Kate Scott Jane Eyre is my favorite classic novel of all time.
In lieu of an abstract, here is a brief excerpt of the content: Although the narrative takes place in an enclosed garden, an extension of the Victorian female sphere, Burnett undermines nineteenth-century constructions of gender and maternity throughout the novel.
Her conception of maternity is non-gendered; both women and men can mother, and the ideal mother, represented by Mrs. Sowerby, expects the same behavior from boys and girls. Though parental death was fairly common in Victorian England—Burnett lost her own father when she was four—the [End Page ] presence of so many orphans in nineteenth-century literature does not merely reflect historical circumstance.
Burnett, however, writes a different maternal figure. More explicitly, Burnett identifies Magic with Mrs. Craven near the end of the novel, when Colin encounters her spirit in his bedroom: The room was quite light and there was a patch of moonlight on the curtain and somehow that made me go and pull the cord.
She looked right down at me as if she were laughing because she was glad I was standing there If you would like to authenticate using a different subscribed institution that supports Shibboleth authentication or have your own login and password to Project MUSE, click 'Authenticate'.
You are not currently authenticated. View freely available titles:(Jane Eyre, , emphasis mine) As stated previously, in my investigation, history is the author's era, rather than the author's personal life. A study of Charlotte Bronte’s Jane Eyre, Emily Bronte’s Wuthering Heights and W.M.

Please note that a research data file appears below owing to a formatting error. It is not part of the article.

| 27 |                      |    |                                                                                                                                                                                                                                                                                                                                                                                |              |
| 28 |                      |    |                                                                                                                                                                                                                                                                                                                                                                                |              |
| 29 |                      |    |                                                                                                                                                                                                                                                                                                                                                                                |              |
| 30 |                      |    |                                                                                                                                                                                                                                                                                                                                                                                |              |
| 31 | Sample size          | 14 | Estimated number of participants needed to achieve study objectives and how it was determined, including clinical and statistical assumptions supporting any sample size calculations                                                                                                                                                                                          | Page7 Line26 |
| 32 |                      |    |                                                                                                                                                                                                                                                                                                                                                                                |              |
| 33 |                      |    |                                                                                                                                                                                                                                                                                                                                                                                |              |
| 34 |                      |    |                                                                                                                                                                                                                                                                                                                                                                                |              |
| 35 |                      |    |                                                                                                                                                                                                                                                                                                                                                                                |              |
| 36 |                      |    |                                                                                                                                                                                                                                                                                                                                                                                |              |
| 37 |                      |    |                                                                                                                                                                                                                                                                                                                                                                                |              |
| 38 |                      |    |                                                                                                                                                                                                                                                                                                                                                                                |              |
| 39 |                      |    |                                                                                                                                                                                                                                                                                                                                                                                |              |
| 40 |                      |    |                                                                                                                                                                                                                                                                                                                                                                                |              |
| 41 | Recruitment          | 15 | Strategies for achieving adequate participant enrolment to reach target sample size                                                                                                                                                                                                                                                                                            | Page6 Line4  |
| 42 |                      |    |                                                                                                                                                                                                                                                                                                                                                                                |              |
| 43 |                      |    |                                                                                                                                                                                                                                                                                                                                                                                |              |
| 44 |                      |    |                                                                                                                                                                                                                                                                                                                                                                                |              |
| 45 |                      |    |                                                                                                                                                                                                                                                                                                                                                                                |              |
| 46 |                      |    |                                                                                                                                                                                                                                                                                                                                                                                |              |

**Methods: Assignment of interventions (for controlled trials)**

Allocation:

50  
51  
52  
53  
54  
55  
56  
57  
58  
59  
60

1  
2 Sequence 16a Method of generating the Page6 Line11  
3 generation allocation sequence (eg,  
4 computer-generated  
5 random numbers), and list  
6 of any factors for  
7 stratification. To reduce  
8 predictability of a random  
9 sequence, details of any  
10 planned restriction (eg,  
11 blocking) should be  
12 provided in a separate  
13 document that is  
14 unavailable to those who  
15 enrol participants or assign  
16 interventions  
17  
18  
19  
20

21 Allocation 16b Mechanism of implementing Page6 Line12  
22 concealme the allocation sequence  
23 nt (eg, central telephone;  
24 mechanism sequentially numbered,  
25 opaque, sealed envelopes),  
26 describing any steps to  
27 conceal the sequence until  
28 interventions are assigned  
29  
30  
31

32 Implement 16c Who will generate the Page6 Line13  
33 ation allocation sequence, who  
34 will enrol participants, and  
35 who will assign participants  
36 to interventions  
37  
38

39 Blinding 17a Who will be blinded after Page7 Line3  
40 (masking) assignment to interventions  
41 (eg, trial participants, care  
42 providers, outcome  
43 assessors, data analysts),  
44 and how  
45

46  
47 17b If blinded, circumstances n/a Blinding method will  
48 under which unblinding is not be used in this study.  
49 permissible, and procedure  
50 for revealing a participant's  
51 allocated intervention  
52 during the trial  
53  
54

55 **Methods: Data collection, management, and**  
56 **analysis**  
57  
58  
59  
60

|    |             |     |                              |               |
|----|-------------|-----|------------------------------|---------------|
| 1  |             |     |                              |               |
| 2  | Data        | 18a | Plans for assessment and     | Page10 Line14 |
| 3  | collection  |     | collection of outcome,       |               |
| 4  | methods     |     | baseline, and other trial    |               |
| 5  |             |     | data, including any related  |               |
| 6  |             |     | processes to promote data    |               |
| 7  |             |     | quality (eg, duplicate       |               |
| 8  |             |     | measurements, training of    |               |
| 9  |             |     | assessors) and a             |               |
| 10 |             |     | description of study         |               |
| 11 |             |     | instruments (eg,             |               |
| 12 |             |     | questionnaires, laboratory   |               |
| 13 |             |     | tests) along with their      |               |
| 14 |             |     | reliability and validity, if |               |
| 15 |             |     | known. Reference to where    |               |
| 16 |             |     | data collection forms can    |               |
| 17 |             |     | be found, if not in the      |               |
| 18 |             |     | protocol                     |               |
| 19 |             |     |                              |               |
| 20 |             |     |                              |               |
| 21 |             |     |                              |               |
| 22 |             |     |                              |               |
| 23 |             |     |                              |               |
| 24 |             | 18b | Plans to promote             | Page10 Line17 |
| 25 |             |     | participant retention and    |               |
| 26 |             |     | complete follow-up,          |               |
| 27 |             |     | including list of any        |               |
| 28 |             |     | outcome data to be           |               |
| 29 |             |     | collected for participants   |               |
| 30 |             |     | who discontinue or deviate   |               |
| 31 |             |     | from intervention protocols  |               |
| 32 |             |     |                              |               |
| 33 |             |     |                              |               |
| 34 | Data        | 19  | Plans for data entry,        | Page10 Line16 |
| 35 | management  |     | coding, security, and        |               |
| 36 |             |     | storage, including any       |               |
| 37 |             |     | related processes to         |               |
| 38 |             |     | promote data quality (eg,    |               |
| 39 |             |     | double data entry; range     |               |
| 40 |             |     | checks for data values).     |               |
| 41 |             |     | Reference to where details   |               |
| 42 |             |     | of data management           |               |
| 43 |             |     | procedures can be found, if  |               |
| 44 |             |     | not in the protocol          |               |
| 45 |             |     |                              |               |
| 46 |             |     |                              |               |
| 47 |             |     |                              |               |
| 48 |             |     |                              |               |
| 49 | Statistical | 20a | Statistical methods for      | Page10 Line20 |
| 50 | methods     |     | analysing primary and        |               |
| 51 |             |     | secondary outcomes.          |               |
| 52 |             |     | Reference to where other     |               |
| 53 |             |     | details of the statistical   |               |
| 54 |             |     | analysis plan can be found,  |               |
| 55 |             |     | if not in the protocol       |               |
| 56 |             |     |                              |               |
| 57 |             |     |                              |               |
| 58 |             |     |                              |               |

Thackeray’s Vanity Fair ‘Women are motherless In her essay ‘The Temptations of a Motherless Woman’, Adrienne Rich explains the statement quoted above (originally by Phyllis Chesler) as. Bronte's Jane Eyre and the Grimms' Cinderella.
Bronte's is a Christianity reclaimed by the (re)insertion of a maternalist respect for women's work. In Jane Eyre, Bronte was able to reconcile grief for a lost mother and ambivalence toward the religion of her father.
This tale is articulated well by Adrienne Rich in her essay entitled, “Jane Eyre: The Temptations of a Motherless Woman,” when she states that Jane wants to “choose her . Mar 31, · it wasn't as if my high school library didn't have plenty of fiction and poetry by women, but with the exception of classics like Pride and Prejudice and Jane Eyre, a handful of books by Andre Norton and Madeline L'Engle and some historical fiction with strong female characters, most of the selections were distressingly ordinary. Jane Eyre is very much the story of a quest to be loved. Jane searches, not just for romantic love, but also for a sense of being valued, of belonging. Jane searches, not just for romantic love, but also for a sense of being valued, of belonging.
"Jane Eyre: The Temptations of a Motherless Woman," in On Lies, Secrets. Continue discussing Jane Eyre (Chapters XXVII-XXXVllI) Article presentations: Adrienne Rich's "Jane Eyre: The Temptations of a Motherless Woman" () . Get Textbooks on Google Play.
Rent and save from the world's largest eBookstore. Read, highlight, and take notes, across web, tablet, and phone. Feminist Ideals and the Women of "Jane Eyre" Updated on July 29, Mina more.
Contact Author At this institution is a woman whose feminist attitude influences Jane's thinking and who teaches the young girl that kindness and love exists in her world.
Rich, Adrienne. "Jane Eyre: The Temptations of a Motherless Woman." On Lies.